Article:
Necropsies will always help the survivors
Yes, necropsies will always help the survivors. Firstly, it makes a lot of sense to explain what necropsy is, with the word necropsy being the same as autopsy.
The difference is the fact that autopsy refers to post-mortem examinations in humans. However, necropsy is still a post-mortem examination, but in this case it refers more to animals.
Therefore, the topic for this week is how important necropsy can be to the survival of your herd of animals.
Although we tend to mourn our dead animals sometimes, we still have to be mindful that we have to protect those alive from suffering or experiencing the same kind of death, or die from the same cause.
Therefore, it is required from us to be proactive in our conduct with the surviving animals.
Last week, our farm assistant (Peter) called me and reported about a constantly salivating cow he had observed.
According to him, the cow had not been drinking water for three days, and even though he kept it in the kraal for monitoring, it was not showing any signs of eating the feed that he gave.
I had my suspicions about what the problem could be, but I could never be sure since I was some 200km away from the animal.
I was thinking more along the lines that the animal had probably eaten some type of poisonous plant, or that it had something stuck in her throat or elsewhere in the digestive tract.
Late on Friday morning, the phone rang. Yes, you guessed right, it was Peter again. And the news was that the cow had died that morning.
I asked him to wait for me to arrive at the farm before he opened up the carcass since I wanted to perform a necropsy on the cow to see what might have caused its death.
It could have been a discarded piece of bone or anything stuck in the throat, but I still wanted to know what it was.
My main concern was more about the impact of this one cow’s death on the surviving herd on the farm.
The loss of that animal was disheartening, but it also provided an opportunity to gain valuable insight on my husbandry practices (diet, watering, housing, quarantine, etc.) and diseases (bacterial, fungal, parasitic and viral). Ultimately, this may help to prevent future losses within the herd.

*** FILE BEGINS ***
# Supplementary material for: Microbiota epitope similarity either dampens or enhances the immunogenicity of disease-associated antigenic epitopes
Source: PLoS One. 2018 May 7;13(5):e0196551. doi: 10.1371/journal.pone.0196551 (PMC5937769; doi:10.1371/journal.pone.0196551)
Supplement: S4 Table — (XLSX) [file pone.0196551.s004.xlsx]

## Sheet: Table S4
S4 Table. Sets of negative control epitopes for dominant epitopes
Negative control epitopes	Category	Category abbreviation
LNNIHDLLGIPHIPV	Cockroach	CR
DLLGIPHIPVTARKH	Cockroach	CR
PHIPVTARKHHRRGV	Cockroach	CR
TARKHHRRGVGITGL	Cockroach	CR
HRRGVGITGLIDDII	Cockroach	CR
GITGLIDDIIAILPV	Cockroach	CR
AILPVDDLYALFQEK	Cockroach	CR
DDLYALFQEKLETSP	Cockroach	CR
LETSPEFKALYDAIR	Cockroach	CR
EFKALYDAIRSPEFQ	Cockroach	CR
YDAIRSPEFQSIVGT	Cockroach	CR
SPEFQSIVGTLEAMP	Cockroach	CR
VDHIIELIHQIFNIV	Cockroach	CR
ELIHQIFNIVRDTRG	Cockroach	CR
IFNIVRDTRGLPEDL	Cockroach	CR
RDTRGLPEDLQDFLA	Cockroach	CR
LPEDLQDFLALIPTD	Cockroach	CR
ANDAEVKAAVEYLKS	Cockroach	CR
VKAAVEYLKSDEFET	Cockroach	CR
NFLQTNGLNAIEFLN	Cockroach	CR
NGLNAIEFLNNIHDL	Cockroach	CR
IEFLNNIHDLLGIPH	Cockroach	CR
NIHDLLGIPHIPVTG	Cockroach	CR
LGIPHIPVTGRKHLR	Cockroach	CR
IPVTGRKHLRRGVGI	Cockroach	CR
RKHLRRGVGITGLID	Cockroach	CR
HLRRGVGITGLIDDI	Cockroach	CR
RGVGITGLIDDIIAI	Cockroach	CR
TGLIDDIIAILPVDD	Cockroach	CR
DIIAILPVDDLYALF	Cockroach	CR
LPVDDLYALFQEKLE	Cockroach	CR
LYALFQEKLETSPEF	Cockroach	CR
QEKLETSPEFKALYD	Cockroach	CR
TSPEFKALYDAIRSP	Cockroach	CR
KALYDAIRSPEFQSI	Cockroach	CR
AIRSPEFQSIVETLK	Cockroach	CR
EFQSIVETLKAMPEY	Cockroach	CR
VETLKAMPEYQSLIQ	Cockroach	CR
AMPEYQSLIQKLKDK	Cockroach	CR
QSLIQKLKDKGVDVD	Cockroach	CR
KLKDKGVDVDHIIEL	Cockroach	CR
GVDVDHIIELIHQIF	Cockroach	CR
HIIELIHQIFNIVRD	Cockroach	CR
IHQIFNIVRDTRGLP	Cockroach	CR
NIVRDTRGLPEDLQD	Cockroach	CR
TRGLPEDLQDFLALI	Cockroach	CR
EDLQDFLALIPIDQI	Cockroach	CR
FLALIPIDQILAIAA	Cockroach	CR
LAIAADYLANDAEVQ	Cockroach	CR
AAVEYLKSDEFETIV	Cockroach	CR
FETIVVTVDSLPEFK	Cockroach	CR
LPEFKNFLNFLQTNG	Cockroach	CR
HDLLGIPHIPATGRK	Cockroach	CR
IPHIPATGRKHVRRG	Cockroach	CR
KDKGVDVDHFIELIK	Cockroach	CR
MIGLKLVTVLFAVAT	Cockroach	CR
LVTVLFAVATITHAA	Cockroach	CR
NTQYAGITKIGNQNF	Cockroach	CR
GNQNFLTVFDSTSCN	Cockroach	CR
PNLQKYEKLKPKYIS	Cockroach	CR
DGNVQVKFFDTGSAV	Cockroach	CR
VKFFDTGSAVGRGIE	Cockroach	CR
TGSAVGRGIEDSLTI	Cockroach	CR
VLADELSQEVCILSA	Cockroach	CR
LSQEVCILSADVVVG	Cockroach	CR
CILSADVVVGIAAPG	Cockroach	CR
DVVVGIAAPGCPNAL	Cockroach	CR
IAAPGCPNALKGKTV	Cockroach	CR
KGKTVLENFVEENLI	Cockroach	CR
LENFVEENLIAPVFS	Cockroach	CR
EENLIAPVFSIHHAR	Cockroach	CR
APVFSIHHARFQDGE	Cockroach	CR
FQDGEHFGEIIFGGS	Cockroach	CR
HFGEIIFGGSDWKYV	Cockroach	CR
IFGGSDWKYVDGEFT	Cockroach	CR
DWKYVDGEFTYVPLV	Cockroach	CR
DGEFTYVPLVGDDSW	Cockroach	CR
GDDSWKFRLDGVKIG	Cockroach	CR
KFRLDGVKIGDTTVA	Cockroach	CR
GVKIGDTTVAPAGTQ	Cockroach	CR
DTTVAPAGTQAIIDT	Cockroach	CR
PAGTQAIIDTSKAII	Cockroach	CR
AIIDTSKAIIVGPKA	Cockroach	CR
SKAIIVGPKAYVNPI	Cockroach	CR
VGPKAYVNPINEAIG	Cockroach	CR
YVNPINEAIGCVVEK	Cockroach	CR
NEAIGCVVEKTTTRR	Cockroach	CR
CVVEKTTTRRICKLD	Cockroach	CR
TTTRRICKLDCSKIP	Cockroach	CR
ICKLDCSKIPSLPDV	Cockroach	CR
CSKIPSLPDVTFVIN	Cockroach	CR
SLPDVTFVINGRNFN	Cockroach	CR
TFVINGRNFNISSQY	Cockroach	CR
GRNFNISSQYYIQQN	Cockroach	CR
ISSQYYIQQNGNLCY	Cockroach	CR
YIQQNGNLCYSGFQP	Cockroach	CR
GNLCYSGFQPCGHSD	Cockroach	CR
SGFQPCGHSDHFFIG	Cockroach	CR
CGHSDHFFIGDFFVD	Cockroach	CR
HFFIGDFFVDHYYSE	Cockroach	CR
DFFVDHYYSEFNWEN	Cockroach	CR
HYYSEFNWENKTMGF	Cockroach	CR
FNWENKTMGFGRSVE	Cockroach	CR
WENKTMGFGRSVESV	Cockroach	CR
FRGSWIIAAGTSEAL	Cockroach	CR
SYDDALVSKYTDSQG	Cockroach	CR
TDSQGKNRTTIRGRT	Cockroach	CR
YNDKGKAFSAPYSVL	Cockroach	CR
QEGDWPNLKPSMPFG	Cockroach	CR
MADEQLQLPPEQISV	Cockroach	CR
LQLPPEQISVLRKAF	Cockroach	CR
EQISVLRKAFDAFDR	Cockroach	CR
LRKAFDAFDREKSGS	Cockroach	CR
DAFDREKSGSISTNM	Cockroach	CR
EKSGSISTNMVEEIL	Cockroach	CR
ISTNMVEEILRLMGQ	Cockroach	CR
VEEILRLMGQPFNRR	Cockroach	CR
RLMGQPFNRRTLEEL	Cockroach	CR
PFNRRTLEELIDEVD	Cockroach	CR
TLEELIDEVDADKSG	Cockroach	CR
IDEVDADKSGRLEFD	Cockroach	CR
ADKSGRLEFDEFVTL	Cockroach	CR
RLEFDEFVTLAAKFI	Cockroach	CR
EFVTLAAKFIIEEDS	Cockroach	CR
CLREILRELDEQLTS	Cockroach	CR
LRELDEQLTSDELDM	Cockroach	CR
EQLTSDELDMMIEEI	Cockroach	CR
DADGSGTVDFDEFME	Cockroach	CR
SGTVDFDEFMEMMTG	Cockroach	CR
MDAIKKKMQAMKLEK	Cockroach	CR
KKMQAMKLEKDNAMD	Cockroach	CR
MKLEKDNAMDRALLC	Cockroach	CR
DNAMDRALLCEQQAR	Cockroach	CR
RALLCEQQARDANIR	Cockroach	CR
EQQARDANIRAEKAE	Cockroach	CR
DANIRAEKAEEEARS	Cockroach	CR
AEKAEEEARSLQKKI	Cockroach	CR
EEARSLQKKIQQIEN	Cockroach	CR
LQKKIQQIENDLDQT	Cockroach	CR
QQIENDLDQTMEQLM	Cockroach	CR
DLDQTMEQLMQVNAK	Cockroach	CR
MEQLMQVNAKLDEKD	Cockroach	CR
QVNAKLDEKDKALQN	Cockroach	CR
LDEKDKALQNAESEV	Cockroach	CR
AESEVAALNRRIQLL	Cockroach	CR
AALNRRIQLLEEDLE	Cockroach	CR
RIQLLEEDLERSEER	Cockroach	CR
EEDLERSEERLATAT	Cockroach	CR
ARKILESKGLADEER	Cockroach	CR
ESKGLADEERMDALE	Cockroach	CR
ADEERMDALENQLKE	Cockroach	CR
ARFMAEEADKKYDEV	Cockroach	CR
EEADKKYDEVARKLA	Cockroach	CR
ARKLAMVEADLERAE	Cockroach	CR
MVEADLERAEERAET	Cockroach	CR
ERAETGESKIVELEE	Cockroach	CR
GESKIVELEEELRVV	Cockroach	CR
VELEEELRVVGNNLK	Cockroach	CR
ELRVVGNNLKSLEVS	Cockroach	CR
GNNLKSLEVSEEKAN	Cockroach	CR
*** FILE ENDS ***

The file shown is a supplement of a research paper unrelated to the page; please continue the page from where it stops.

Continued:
When a cow dies, sometimes it brings valuable information about where you excel or fail as a farmer in managing the wellbeing of your animals (animal health).
When I arrived on the farm, Peter was waiting for me, ready for the job at hand.
We opened up the carcass systematically from head to toe, and it gave us the opportunity to inspect all the organs, internal as well as external. Even though we knew that the cause of death was internal, we used this cow as a mirror of our general animal management practices.
The important thing to a correct post-mortem is to look at all the organs inside the body.
But before you attempt to open up a carcass, take note of the physical appearance of the dead animal from head to toe.
Look for any abnormal findings, like eye and nose discharges, a swelling of the head or neck, poor body condition as well as a roughened hair coat.
Remember never to open up a carcass if you see blackish (bloody) fluid coming from the mouth, nose, eyes, anus and any other natural body opening. This might be a case of anthrax (“Miltsiekte”, “Eteva”, “Ombulwa”, “Luhepe”).
The infection from such a carcass can spread fast, if exposed to air. Rather call a vet office for assistance immediately.
Anyway, back to the story at hand. Our findings were exciting, exciting in the sense that at least the rest of the herd was not at risk. But still, we could at least save the others from the same fate. To our surprise, when we opened the trachea, we discovered some thin wires, and that the throat was blackish in colour.
After thorough investigations, there was evidence to suggest that this cow had chewed on an old tyre.
Now, with historical information about which camp the cow had been grazing in (it used to be a dumping site in the olden days) and how long it had been salivating, we could fairly say we had$ uncovered the actual cause of death.
That was good enough for us. What we needed to do after the discovery was just to start the search for old tyres discarded in the camps, and get rid of any other object which might be hazardous to the health of the animals.
Secondly, we at least had the information to gauge what deficiency this animal could have had to chew on rubber (tyre) or wires within the tyre.
Livestock, especially cattle, eating anything (we call this behaviour “pica”) could be associated with mineral and sometimes vitamin deficiency.
The most likely culprit of deficiency could be phosphate or calcium.
Phosphate deficiency is especially associated with the animals picking up the Botulism bacteria (“Lamsiekte”, “Oshinambuda”, “Lunanali”, “Omutjise wokuremana”), which makes the animals develop progressive paralysis from the hindlimb until the rest of the body paralyses and the animal dies.
Moreover, now that the grazing is still poor, animals tend to also be deficient and pick on almost anything, including objects and poisonous plants.
Thus, the lesson learned from the necropsy was to up a bit more on the mineral supplementation.
Individual animals which seem to always be picking on junk or are thinner can separately be injected with metabolic additives which especially contain phosphorous elements and a combination of Vitamin B in order to stimulate appetite and improve on its metabolism.
There you go.
Even though we mourn the death of our beloved animals, at least necropsies will give us clues about the cause of death, and how to improve our animal health management strategies in order to save the surviving animals.